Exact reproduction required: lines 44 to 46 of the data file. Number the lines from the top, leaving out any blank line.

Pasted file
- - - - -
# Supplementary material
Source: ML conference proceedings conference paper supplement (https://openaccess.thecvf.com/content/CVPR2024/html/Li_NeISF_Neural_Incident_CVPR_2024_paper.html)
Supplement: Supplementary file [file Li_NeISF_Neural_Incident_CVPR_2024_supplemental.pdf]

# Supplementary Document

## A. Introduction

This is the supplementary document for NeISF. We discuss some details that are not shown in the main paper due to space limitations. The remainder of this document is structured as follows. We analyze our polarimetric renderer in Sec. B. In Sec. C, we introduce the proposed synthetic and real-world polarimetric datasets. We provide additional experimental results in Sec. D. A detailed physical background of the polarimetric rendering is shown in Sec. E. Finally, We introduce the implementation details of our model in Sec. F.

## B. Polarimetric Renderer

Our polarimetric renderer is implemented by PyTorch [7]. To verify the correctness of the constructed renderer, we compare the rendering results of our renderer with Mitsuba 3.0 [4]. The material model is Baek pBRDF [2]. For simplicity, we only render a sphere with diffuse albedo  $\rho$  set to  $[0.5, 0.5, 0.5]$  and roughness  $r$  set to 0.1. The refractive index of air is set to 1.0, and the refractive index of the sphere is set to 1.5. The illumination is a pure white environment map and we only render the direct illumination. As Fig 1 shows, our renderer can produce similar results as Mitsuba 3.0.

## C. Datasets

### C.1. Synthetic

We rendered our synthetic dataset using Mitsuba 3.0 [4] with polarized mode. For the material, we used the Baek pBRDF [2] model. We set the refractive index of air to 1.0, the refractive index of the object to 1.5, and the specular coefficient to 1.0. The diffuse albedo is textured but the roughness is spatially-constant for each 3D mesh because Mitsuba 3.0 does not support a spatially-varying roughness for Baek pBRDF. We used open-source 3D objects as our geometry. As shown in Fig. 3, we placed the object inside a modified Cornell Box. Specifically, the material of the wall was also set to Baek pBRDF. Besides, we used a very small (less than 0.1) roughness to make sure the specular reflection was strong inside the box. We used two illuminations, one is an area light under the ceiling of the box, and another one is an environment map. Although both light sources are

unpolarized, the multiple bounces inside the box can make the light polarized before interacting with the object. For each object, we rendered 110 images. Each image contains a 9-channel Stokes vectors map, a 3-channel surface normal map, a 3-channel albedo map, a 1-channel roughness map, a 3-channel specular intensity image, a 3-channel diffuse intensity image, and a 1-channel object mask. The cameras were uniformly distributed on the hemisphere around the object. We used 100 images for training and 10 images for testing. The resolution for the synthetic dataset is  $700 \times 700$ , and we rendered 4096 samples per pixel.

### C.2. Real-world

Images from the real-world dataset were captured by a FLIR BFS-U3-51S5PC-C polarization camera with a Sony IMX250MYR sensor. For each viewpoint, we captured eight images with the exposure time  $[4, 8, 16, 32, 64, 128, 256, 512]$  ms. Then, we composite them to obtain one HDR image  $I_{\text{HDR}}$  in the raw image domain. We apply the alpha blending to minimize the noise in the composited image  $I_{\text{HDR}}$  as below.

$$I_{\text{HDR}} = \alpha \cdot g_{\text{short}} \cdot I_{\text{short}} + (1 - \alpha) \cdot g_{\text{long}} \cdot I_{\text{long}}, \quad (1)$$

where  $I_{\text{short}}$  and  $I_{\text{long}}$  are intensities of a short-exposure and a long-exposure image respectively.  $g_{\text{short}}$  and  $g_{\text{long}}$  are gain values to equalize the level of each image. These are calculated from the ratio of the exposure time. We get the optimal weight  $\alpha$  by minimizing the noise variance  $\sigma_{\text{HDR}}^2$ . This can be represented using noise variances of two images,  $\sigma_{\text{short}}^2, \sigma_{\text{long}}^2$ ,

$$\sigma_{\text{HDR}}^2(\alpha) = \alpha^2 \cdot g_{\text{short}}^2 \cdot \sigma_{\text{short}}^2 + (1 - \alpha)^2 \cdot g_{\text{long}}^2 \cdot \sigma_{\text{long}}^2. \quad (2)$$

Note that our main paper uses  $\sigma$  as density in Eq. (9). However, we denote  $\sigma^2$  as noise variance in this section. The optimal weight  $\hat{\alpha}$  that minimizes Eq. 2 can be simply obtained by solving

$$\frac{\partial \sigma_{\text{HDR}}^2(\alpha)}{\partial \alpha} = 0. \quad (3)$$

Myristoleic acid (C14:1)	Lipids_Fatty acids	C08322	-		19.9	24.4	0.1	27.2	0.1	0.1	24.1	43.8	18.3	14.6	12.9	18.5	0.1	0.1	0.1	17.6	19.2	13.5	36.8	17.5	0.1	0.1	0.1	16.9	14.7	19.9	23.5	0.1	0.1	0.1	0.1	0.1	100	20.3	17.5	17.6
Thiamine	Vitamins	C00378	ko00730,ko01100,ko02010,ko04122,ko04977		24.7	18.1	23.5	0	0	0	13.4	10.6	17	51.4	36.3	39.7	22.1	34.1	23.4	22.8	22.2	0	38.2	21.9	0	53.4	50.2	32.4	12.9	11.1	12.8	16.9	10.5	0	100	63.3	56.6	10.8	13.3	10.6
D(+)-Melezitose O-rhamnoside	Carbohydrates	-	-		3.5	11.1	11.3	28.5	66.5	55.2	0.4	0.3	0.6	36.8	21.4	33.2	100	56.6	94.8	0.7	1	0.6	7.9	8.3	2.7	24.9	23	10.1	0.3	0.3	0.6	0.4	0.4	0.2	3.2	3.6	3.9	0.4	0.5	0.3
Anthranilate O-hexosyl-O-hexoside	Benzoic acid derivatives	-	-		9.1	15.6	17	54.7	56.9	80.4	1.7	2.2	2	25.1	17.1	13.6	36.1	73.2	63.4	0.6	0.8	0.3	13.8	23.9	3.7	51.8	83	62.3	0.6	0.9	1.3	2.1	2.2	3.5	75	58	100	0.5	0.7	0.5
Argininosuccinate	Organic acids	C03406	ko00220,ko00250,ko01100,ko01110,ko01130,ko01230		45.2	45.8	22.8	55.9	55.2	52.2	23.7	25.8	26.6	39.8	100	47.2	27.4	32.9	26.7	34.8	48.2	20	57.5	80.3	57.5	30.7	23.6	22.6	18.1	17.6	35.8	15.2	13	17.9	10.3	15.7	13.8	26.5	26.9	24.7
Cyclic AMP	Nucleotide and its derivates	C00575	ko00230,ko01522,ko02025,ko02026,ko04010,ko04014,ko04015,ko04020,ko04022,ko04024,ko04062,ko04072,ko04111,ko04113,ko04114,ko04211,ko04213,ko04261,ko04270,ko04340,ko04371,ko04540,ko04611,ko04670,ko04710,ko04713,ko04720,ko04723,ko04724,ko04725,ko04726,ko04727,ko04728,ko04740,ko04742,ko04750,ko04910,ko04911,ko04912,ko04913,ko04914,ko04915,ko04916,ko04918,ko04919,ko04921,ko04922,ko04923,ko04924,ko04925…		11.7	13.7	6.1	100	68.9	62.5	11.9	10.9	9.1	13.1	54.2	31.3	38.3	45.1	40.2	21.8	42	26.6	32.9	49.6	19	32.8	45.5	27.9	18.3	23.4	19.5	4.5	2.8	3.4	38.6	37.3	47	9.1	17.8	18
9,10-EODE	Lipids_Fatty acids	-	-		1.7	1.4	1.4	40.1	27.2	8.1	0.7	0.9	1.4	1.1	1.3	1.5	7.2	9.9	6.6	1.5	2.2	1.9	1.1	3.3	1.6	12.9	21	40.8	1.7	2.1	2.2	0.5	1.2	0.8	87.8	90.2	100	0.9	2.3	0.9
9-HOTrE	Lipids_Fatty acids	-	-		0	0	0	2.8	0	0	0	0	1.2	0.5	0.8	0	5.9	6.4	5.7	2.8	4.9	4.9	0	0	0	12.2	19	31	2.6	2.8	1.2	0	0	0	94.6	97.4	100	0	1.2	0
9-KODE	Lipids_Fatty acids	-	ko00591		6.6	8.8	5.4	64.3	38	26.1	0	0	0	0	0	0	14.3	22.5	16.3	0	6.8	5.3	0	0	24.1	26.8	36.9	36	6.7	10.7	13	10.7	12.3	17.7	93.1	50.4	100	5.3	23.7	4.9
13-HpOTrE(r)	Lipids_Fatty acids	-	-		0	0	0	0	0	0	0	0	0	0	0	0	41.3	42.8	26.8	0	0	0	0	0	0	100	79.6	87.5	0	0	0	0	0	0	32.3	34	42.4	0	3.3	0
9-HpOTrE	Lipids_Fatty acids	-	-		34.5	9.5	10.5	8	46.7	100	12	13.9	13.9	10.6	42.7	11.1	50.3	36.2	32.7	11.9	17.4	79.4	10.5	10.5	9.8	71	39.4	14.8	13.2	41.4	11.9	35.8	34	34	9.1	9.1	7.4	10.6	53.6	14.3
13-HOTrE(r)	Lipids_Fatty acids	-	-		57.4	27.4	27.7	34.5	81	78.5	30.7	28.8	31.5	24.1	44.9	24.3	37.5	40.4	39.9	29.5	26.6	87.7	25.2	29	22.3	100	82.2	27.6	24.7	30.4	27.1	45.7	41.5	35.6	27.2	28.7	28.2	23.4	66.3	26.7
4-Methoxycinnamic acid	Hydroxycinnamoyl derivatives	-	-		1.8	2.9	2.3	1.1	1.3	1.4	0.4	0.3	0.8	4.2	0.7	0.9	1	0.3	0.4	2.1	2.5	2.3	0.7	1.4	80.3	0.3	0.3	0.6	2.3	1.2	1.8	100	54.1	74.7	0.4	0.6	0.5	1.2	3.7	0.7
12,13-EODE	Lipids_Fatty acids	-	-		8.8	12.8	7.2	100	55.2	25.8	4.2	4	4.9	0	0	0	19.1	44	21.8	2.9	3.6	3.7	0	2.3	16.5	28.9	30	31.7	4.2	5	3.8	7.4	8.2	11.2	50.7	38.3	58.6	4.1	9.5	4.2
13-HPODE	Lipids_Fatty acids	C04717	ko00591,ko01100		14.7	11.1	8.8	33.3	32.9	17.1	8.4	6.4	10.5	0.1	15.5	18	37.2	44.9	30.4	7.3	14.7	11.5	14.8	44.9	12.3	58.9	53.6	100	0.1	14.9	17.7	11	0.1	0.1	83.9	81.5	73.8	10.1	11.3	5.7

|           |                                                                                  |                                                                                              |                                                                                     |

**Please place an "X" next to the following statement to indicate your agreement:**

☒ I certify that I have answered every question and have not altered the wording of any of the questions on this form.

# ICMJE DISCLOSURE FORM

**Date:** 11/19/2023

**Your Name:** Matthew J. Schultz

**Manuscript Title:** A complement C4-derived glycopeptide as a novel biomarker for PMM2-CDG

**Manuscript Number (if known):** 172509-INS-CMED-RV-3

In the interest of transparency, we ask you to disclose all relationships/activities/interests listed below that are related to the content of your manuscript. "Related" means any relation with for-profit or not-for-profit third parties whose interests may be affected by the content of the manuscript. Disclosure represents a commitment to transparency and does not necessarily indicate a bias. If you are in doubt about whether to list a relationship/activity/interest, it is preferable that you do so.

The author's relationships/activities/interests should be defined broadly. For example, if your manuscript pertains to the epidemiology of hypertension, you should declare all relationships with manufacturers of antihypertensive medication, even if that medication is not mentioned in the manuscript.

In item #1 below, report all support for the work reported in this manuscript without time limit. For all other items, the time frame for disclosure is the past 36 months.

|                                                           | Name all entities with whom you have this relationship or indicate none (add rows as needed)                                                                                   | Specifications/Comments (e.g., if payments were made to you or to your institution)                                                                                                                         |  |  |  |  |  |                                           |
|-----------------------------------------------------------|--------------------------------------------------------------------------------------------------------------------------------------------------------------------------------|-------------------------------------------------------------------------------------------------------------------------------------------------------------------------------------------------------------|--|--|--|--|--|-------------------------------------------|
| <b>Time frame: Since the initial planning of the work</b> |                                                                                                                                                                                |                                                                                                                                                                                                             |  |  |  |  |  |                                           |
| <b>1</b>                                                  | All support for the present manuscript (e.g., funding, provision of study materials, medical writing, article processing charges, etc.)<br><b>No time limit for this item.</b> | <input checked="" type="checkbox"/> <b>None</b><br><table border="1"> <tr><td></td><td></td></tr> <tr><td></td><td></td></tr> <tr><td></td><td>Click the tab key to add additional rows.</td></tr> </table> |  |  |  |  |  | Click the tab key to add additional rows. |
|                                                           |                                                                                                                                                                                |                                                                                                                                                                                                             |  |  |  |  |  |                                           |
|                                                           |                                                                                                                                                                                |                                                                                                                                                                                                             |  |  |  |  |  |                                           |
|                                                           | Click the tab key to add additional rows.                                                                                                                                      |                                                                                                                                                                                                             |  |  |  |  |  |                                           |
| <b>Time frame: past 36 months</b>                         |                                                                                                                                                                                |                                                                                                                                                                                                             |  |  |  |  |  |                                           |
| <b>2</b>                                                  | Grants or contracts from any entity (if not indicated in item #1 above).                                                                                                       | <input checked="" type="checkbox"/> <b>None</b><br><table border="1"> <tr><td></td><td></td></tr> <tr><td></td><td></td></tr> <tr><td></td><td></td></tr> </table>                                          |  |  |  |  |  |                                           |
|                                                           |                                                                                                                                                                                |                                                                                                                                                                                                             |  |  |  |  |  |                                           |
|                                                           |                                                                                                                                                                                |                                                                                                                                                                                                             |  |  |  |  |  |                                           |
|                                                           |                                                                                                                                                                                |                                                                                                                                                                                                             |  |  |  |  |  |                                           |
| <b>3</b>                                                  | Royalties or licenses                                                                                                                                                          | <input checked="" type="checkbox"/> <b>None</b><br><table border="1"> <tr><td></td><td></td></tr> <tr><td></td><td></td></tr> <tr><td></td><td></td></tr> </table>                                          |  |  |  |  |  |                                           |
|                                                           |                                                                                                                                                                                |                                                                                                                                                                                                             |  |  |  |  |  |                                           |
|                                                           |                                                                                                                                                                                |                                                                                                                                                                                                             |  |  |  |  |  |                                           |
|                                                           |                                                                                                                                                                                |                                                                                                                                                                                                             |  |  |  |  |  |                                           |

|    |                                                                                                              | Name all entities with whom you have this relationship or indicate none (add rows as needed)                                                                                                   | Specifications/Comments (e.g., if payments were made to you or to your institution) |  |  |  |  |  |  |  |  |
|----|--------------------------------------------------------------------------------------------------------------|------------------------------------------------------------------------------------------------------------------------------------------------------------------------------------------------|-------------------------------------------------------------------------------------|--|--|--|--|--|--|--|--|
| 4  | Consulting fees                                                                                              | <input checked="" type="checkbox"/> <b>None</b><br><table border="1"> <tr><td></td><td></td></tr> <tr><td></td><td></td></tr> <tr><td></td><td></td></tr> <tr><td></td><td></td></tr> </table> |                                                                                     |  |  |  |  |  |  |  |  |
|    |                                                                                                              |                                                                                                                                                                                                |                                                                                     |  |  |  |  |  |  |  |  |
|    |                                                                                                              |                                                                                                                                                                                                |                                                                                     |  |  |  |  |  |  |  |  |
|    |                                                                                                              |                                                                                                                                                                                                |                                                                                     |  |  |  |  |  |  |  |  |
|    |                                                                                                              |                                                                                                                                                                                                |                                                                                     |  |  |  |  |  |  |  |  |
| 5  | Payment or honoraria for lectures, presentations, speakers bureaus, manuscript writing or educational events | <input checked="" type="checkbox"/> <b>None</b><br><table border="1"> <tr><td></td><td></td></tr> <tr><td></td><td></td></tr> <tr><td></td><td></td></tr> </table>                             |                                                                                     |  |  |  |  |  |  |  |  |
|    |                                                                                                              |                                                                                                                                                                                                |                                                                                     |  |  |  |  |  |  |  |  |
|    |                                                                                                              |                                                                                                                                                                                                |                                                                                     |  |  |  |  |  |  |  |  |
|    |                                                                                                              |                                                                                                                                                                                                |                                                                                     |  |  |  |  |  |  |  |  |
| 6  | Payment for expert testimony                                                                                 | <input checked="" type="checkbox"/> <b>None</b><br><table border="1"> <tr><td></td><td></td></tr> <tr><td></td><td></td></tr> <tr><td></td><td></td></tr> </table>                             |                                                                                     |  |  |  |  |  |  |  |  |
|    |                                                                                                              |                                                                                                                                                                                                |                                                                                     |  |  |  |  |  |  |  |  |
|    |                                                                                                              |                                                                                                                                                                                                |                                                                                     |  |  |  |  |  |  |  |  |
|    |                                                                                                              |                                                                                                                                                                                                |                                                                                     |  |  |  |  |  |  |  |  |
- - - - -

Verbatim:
The author's relationships/activities/interests should be defined broadly. For example, if your manuscript pertains to the epidemiology of hypertension, you should declare all relationships with manufacturers of antihypertensive medication, even if that medication is not mentioned in the manuscript.

In item #1 below, report all support for the work reported in this manuscript without time limit. For all other items, the time frame for disclosure is the past 36 months.

|                                                           | Name all entities with whom you have this relationship or indicate none (add rows as needed)                                                                                   | Specifications/Comments (e.g., if payments were made to you or to your institution)                                                                                                                         |  |  |  |  |  |                                           |